Anurag Kashyap’s open letter to all rape victims

Thu, July 10, 2014 12:20am UTC by 1 Comment
Anurag Kashyap, open letter, rape victims

The Gangs Of Wasseypur maker explains his stand on rape, feminism, his recent short film and much more

Anurag Kashyap is known to take a stand on important issues. In one of his recent interviews he was misquoted saying “rape is a bad accident”. The ace filmmaker clarifies his stand on the statement and explains as to how he was misquoted in an open letter. Read on…

Dear All,

When I am not making movies – which is thankfully rarely – my favourite pastime is to get fundamentally quoted without the context. Blame the lack of space in newspapers today with all those advertisements accounting for most of it. It helps to keep our conversation going, you see. And it has happened again. My whole conversation has been reduced to one line that’s being knocked around, “rape is a bad accident says anurag kashyap

Fun though it is, I think it’s time I speak for myself and not let some out-of-context quote in a paper, or an edited version of a half-an-hour conversation do the talking.

Sitting here in Karlovy Vary I have been inundated with texts and mails about an interview of mine, that has of course, as always, been completely misread. It does not help that a long conversation has been reduced to a paragraph, but credit to the writer that he does mention that the now-controversial paragraph is the point of view of a woman and not my own.

The reactions on various social platforms do prove that in anger the opinionists also turn blind, and they actually read what they want to, so that they can rage over it, rather than seeing it and arguing healthily over it.

I don’t mean to spoil the rage party, but let me try to bring some context here.

Recently, I was in conversation with a woman, who quoted an old article she had read in The Times of India oped page, years ago. That article profiled a courageous rape survivor, a European woman living in India, who after being gang raped, actually fought for a fair trial for her rapists and a lighter sentence. She strongly protested any baying for blood or vengeful mindset. She was in fact ridiculed and vilified for standing up for justice for her own rapists. When asked why she did it – she said that she would treat the trauma of her rape the same way she would treat the trauma of being in a terrible car crash. She would try to heal from it, she would want the irresponsible perpetrators punished, but she would not allow the crime to gain greater significance than she felt it was due. Any greater assignment of meaning to her own rape would be to give in to a male view of the female gender. She also believed that her identity and her dignity did not reside between her legs, but between her ears.

The woman friend of mine who told me about this case, also mentioned that this article made her rethink the concepts of honour, izzat, dignity and personal identity, for years to come.

What was read as my comment or statement in the HINDU were actually “questions” raised by the survivor, which were then subsequently narrated to me by another woman and by me to Sudhish Kamat who writes it like it is but not all of it, which by now is attributed to me as my quote. Those questions stayed with me and bothered me, and made me question things, because I felt that there was a certain truth to them.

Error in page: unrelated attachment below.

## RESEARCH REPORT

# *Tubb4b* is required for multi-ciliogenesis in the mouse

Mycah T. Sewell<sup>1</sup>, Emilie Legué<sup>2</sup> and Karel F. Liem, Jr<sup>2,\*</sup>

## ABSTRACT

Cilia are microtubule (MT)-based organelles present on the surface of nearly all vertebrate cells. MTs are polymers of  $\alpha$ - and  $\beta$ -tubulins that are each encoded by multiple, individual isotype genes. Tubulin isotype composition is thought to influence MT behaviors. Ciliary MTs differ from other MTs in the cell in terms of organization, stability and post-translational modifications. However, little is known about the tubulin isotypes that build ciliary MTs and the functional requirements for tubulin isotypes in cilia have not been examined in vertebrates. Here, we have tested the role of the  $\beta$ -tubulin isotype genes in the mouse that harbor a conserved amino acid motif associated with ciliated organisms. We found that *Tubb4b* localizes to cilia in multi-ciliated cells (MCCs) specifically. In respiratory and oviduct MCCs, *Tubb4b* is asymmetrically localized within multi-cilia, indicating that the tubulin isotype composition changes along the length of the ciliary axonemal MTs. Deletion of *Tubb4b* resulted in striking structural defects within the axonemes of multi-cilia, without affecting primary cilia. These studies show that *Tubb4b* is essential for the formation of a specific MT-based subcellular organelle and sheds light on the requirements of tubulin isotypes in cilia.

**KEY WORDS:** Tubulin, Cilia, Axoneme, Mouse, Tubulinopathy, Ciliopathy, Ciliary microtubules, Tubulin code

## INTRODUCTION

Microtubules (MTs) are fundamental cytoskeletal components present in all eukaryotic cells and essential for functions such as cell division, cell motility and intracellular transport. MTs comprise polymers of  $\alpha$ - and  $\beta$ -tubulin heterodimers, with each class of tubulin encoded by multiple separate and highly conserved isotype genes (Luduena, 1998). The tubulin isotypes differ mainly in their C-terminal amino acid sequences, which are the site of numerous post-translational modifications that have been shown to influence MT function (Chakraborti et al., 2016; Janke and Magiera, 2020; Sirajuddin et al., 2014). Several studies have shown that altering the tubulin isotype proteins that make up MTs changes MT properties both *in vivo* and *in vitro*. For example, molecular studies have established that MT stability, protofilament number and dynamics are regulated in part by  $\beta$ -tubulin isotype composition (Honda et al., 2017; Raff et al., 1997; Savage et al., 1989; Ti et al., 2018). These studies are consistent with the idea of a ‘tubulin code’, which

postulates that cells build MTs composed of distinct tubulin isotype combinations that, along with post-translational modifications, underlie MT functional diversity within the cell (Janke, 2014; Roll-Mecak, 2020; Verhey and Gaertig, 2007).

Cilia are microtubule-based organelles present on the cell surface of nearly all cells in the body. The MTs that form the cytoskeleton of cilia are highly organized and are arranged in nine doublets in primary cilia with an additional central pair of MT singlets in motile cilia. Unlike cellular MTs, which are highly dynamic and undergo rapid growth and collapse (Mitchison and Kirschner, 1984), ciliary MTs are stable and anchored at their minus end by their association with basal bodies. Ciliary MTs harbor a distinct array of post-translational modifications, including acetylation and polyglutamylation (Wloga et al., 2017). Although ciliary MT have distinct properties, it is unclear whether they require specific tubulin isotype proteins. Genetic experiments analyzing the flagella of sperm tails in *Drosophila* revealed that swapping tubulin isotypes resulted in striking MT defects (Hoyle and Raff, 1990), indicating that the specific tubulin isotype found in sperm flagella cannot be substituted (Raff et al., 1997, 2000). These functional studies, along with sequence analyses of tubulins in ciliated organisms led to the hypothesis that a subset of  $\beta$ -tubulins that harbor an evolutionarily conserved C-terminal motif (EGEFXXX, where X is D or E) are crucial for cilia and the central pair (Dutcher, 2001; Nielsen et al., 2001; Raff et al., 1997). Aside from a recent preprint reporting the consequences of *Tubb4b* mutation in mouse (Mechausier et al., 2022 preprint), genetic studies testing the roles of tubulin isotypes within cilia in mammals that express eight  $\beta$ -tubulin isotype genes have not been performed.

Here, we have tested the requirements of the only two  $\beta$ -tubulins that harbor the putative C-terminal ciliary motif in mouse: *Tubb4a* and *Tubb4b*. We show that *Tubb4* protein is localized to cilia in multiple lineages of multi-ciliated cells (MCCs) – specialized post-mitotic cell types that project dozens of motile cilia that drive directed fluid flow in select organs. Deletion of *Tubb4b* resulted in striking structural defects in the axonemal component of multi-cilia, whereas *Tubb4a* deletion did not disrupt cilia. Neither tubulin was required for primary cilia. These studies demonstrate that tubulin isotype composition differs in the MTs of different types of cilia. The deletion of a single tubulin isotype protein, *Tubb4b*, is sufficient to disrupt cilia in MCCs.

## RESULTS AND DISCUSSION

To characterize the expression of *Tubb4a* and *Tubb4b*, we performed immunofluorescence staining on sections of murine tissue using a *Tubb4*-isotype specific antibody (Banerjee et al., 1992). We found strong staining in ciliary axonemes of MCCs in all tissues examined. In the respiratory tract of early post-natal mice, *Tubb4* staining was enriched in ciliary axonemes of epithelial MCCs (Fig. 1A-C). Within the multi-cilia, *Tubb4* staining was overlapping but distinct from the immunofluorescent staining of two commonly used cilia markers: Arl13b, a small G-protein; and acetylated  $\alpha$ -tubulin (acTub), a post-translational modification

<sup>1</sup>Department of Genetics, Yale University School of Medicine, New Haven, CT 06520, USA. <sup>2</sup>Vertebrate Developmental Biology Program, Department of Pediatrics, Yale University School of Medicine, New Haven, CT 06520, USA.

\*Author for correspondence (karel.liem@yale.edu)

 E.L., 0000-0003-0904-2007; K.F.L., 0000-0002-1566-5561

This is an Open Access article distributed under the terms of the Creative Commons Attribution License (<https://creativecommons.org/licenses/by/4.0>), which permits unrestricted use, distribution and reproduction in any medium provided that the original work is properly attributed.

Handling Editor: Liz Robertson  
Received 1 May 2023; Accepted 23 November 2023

I am not so good at articulation without my camera, but let me try and elucidate the point my female friend was making: No woman invites rape, rape is never ever the woman’s fault, and no woman would chose it – if the choice was a viable one. But in a situation where the choice is between life and rape, a woman might just choose the latter. If her choice is ‘life’, why is that very life taken away from her, once she is raped? Why is she called stuff like ‘zindaa laash’ and why does the entire focus shift to ‘honour’ rather than to ‘healing’? To ‘punishment’ rather than to ‘rehabilitation’? When does the male gaze take over, such that even the extent of the victim’s physical and mental bruising is decided for her by others?

Why is she never granted the quiet she so sorely needs? She is frequently dragged out by the social worker to narrate her story again and again, she relives the trauma again and again, she is used to make a point. should that not be a choice. the choice of the survivor.

The woman who told me this story also said that she often puts a very difficult binary choice to her female friends: Such as: burnt alive, or rape? Dismembered, or rape? Acid attack, or rape? Horrible though it sounds, when given a choice like this, many women went quiet. The horror of rape, when pitted against other ghastly horrors, acquired a perspective. Not that of being ‘fine’ or ‘acceptable’ but often, of the lesser evil – if other brutalities or violence was not involved.

Does this mean any of us is trivializing rape here? Far from it. It is a violent, traumatic, battering, violating experience. All I want to say is that let us not add male notions of honour and purity to it. That is like adding insult to the injury.

The point is about not having a choice. When one is raped, there often is no choice. When one has the option of fight or flight one uses it but often neither option is available. It is the same in a bad accident. You do not have a choice but you go through the brutality .

However, what happens afterward is telling. When in a bad accident, the victim goes to the doctor or a hospital, tries to recuperate, allows oneself to heal, the victim is rehabilitated or allowed to rehabilitate.

And the one who causes the accident is punished.